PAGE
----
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Title

Mesocosm Experiments as a Tool for Ecological Climate-Change Research

Publication Year

2013

Author(s)
  • Stewart, Rebecca I. A.
  • Dossena, Matteo
  • Bohan, David A.
  • Jeppesen, Erik
  • Kordas, Rebecca L.
  • Ledger, Mark E.
  • Meerhoff, Mariana
  • Moss, Brian
  • Mulder, Christian
  • Shurin, Jonathan B.
  • Suttle, Blake
  • Thompson, Ross
  • Trimmer, Mark
  • Woodward, Guy
Source
ADVANCES IN ECOLOGICAL RESEARCH, VOL 48: GLOBAL CHANGE IN MULTISPECIES SYSTEMS, PT 3 Bokk Series: Advances in Ecological Research Volume: 48 Pages: 71-181 Published: 2013
ISSN
0065-2504
Abstract

Predicting the ecological causes and consequences of global climate change requires a variety of approaches, including the use of experiments, models, and surveys. Among experiments, mesocosms have become increasingly popular because they provide an important bridge between smaller, more tightly controlled, microcosm experiments (which can suffer from limited realism) and the greater biological complexity of natural systems (in which mechanistic relationships often cannot be identified). A new evaluation of the contribution of the mesocosm approach, its potential for future research, as well as its limitations, is timely. As part of this review, we constructed a new database of over 250 post-1990 studies that have explored different components of climate change across a range of organisational levels, scales, and habitats. Issues related to realism, reproducibility and control are assessed in marine, freshwater, and terrestrial systems. Some general patterns emerged, particularly at the ecosystem level, such as consistent and predictable effects on whole-system respiration rates. There are, however, also many seemingly idiosyncratic, contingent responses, especially at the community level, both within and among habitat types. These similarities and differences in both the drivers and responses highlight the need for caution before making generalisations. Finally, we assess future directions and prospects for new methodological advances and the need for greater international coordination and interdisciplinarity.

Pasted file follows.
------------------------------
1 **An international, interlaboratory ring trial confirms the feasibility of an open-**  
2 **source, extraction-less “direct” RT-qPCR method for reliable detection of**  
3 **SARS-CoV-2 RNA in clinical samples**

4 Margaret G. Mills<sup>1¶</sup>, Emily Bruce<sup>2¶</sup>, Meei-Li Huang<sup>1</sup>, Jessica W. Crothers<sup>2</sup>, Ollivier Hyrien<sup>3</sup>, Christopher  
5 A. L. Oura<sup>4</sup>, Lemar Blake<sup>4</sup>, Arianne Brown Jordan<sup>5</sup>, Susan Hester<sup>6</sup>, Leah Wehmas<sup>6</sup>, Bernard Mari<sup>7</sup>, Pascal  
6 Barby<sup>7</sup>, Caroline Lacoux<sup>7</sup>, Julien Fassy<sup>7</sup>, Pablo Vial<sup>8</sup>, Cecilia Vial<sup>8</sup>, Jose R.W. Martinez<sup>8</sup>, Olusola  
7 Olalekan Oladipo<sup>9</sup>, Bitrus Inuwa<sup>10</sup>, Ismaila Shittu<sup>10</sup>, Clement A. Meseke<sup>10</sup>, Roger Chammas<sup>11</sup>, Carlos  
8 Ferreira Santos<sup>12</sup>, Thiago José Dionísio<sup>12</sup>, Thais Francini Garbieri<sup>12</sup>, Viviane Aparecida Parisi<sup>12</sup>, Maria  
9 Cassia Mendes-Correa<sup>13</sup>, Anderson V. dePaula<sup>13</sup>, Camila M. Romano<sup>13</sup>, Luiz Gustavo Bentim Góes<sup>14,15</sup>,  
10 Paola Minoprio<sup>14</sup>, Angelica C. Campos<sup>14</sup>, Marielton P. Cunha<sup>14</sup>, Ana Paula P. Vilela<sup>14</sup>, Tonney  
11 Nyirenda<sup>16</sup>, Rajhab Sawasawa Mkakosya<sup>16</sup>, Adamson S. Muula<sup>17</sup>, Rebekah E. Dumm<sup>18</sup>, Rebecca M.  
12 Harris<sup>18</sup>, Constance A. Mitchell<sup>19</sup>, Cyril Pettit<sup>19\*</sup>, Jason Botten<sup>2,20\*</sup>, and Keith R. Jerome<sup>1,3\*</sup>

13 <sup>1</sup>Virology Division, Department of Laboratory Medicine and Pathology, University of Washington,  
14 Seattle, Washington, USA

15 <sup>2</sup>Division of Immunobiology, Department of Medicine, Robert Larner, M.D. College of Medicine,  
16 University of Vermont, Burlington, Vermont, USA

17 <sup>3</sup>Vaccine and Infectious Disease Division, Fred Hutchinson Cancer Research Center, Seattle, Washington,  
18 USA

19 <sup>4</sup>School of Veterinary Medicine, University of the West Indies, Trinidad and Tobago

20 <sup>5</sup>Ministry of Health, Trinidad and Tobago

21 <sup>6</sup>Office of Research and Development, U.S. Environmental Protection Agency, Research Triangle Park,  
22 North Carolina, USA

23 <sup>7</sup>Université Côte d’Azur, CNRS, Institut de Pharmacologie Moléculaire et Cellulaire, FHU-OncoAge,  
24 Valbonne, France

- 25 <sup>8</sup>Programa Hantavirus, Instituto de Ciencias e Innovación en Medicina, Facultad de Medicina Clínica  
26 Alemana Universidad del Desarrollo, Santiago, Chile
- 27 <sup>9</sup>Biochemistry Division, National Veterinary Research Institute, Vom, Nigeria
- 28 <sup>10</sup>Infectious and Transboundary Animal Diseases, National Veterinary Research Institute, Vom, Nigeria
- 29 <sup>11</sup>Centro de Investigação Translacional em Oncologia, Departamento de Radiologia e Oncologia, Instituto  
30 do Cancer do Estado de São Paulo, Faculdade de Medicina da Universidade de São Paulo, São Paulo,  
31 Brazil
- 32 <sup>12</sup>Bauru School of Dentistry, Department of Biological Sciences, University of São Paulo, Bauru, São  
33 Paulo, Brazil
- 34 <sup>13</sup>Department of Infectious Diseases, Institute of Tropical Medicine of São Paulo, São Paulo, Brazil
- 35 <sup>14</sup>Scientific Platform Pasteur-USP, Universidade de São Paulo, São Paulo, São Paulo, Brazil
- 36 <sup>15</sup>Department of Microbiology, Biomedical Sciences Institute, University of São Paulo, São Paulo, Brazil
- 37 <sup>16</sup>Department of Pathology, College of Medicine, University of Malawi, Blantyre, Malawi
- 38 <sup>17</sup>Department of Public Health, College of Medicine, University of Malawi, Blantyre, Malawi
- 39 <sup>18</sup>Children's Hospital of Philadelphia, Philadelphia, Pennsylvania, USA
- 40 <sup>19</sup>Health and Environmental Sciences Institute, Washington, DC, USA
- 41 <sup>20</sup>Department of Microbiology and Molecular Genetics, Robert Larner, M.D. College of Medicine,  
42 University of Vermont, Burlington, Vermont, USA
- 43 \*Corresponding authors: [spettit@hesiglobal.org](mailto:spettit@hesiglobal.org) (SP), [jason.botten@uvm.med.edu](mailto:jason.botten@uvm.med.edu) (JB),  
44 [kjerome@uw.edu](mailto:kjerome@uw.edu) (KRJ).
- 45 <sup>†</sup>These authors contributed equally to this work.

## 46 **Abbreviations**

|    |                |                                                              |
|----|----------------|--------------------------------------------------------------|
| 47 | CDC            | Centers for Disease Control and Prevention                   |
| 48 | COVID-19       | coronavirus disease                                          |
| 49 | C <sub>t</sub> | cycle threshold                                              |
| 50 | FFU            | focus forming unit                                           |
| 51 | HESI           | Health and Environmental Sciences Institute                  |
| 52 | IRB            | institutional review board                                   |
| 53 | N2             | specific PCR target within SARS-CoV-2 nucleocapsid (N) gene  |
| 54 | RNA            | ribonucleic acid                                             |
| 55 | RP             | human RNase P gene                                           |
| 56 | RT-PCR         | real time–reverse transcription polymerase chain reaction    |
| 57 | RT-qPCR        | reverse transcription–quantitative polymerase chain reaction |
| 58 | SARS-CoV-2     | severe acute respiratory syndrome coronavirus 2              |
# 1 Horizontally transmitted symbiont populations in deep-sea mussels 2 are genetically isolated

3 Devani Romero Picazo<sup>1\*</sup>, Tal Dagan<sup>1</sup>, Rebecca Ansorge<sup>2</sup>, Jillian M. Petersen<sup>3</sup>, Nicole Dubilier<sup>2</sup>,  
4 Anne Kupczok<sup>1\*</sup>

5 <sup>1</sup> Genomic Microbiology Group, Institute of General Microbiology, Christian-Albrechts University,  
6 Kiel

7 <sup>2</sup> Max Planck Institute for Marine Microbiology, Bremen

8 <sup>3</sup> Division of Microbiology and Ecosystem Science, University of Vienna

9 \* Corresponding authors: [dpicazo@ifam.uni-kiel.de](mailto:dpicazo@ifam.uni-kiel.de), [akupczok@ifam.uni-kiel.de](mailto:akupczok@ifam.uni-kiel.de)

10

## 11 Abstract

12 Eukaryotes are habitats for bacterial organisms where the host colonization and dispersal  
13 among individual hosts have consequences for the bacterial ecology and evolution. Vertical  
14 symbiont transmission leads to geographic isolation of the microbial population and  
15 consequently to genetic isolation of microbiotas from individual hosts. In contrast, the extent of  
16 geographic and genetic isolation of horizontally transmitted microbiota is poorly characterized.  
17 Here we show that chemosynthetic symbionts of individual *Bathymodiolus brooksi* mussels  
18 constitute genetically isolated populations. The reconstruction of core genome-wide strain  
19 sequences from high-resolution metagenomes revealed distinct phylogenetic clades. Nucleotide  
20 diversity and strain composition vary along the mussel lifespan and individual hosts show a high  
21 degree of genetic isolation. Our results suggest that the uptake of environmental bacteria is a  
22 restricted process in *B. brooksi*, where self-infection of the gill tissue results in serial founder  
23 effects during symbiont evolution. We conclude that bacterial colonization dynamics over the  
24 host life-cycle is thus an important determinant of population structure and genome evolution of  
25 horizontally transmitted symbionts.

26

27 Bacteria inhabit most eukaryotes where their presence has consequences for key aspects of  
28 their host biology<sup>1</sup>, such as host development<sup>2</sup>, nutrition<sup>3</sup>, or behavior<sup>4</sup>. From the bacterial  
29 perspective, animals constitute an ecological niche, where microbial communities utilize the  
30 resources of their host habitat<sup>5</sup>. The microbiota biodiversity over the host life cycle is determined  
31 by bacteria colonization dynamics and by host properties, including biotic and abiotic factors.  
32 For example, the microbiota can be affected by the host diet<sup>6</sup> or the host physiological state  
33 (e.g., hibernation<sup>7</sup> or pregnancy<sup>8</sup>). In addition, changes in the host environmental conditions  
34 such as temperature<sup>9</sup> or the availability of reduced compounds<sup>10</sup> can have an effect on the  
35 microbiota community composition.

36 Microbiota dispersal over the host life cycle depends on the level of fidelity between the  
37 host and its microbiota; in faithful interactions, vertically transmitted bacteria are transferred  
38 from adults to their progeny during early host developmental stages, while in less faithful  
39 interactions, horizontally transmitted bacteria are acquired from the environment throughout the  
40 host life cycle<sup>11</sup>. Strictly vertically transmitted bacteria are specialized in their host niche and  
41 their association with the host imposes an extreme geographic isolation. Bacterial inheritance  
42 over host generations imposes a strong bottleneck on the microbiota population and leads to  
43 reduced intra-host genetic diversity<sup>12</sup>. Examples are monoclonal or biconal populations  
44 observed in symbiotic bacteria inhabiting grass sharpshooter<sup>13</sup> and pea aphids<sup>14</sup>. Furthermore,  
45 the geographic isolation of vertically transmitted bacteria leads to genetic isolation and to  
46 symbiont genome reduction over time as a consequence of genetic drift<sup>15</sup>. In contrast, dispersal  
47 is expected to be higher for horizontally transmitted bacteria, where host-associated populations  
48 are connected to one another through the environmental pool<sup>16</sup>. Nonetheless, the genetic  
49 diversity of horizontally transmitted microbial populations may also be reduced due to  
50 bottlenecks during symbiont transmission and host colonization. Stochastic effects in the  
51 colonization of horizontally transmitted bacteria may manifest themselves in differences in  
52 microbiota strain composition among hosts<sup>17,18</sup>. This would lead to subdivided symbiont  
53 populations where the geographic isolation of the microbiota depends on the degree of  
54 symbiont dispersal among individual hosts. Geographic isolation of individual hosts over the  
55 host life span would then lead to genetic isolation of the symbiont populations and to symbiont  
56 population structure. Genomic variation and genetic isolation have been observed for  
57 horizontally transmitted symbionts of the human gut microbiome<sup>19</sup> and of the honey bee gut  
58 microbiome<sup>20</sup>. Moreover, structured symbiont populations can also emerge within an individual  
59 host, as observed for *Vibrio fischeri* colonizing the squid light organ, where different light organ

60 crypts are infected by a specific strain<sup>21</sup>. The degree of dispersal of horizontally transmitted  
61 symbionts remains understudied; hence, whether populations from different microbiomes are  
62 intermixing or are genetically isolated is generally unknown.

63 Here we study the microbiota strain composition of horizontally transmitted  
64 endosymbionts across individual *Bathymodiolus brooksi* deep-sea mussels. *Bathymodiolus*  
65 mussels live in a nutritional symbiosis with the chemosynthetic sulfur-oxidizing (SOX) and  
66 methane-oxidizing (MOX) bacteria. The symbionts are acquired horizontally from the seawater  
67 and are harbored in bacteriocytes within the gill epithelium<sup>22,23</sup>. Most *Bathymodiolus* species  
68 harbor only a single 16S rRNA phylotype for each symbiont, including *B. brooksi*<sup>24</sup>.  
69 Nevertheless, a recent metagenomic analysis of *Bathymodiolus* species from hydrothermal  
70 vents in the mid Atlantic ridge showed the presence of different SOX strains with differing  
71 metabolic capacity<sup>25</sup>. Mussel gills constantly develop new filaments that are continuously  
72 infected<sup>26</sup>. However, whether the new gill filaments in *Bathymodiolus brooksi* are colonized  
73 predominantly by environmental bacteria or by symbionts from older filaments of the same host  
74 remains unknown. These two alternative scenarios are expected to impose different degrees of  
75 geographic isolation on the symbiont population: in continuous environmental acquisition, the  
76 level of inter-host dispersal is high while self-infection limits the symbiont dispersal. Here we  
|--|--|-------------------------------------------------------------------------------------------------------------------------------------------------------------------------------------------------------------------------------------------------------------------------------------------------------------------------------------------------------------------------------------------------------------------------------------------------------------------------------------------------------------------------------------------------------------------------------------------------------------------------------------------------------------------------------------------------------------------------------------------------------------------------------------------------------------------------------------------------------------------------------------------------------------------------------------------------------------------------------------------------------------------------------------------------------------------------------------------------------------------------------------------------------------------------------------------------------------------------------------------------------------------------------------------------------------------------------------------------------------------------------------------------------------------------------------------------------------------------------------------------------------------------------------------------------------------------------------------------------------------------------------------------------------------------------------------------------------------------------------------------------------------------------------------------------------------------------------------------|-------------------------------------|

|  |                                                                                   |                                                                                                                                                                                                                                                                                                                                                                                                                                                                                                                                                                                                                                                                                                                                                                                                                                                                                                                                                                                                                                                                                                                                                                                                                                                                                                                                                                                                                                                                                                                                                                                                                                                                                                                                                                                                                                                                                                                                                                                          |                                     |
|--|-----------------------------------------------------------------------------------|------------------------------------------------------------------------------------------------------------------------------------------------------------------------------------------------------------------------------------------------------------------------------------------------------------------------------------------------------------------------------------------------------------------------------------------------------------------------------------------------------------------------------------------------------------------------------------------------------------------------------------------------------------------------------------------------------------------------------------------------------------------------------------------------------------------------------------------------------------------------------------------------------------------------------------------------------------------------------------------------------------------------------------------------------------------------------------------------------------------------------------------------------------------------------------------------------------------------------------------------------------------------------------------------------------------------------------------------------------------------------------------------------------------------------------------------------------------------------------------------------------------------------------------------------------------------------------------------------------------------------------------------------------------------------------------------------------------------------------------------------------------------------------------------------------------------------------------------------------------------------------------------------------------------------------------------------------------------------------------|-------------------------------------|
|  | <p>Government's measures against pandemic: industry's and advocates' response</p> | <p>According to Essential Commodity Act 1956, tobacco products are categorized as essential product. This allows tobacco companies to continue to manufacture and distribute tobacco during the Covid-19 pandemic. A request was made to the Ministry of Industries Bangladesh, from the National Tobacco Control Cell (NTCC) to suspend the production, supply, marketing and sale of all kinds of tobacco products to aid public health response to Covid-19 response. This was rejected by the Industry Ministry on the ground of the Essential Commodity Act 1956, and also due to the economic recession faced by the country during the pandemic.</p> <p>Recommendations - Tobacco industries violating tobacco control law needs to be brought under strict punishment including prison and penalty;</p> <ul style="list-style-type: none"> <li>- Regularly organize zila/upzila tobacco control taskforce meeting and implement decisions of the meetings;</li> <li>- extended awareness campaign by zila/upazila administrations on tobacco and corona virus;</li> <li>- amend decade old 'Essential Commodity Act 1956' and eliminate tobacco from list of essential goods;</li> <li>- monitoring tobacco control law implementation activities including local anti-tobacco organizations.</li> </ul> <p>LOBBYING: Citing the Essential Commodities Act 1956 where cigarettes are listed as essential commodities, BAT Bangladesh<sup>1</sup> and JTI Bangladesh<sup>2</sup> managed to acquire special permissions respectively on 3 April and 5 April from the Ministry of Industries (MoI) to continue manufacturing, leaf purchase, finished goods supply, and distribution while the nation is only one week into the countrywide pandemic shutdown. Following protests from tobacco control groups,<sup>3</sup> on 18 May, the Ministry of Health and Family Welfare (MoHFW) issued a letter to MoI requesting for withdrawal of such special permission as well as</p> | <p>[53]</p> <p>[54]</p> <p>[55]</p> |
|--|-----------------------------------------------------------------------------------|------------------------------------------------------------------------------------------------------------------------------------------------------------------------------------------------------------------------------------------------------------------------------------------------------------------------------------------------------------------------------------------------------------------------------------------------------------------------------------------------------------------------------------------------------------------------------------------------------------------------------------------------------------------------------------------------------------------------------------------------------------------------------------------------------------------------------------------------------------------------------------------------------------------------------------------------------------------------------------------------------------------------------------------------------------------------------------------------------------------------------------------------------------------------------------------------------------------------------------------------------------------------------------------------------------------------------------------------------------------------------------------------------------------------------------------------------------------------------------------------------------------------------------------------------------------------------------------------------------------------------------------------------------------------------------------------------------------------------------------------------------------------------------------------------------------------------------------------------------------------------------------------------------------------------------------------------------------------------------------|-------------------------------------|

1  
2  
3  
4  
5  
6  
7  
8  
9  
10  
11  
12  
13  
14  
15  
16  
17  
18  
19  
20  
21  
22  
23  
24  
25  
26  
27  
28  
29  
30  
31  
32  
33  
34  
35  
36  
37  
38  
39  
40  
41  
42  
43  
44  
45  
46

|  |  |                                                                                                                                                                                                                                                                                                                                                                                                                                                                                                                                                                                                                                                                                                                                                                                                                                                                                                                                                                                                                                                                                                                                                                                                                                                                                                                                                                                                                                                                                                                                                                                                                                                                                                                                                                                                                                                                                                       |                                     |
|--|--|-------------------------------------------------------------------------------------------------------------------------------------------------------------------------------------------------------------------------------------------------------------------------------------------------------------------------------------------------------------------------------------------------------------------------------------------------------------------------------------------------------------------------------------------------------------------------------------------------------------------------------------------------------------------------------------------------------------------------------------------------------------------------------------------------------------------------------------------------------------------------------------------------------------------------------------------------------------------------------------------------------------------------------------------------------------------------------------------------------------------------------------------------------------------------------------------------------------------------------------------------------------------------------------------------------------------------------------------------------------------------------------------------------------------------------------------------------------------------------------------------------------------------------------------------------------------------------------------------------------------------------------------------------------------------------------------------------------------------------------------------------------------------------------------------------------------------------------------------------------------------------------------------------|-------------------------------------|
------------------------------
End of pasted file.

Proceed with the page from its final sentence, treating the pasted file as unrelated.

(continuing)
Author Keyword(s)
    KeyWord(s) Plus
    • TEMPERATURE-SIZE RULE
    • FOOD-WEB STRUCTURE
    • CONTINENTAL-SCALE PATTERNS
    • ECO-EVOLUTIONARY DYNAMICS
    • FRESH-WATER MICROCOSMS
    • SAFE OPERATING SPACE
    • GLOBAL CARBON-CYCLE
    • SHALLOW LAKES
    • OCEAN ACIDIFICATION
    • BODY-SIZE
    ESI Discipline(s)
    • Environment/Ecology
    Web of Science Category(ies)
    • Ecology
    Adress(es)

    [Stewart, Rebecca I. A.; Dossena, Matteo; Trimmer, Mark] Queen Mary Univ London, Sch Biol & Chem Sci, London, England; [Bohan, David A.] INRA, UMR 1347, Agroecol ECOLDUR, F-21034 Dijon, France; [Jeppesen, Erik; Meerhoff, Mariana] Aarhus Univ, Dept Biosci, Aarhus, Denmark; [Kordas, Rebecca L.] Univ British Columbia, Dept Zool, Vancouver, BC, Canada; [Ledger, Mark E.] Univ Birmingham, Sch Geog Earth & Environm Sci, Birmingham, W Midlands, England; [Meerhoff, Mariana] Univ Republ, CURE Fac Ciencias, Dept Ecol & Evoluc, Maldonado, Uruguay; [Moss, Brian] Univ Liverpool, Sch Environm Sci, Liverpool L69 3BX, Merseyside, England; [Mulder, Christian] Natl Inst Publ Hlth & Environm RIVM DMG, Bilthoven, Netherlands; [Suttle, Blake; Woodward, Guy] Imperial Coll London, Ascot, Berks, England; [Thompson, Ross] Univ Canberra, Inst Appl Ecol, Canberra, ACT 2601, Australia; [Shurin, Jonathan B.] Univ Calif San Diego, Sect Ecol Behav & Evolut, San Diego, CA 92103 USA

    Reprint Adress

    Dossena, M (reprint author), Queen Mary Univ London, Sch Biol & Chem Sci, London, England.

    Country(ies)
    • Australia
    • Canada
    • Denmark
    • France
    • Netherlands
    • United Kingdom
    • United States
    • Uruguay
    CNRS - Adress(es)
      Accession Number
      WOS:000326098900003
      uid:/4R772VXS
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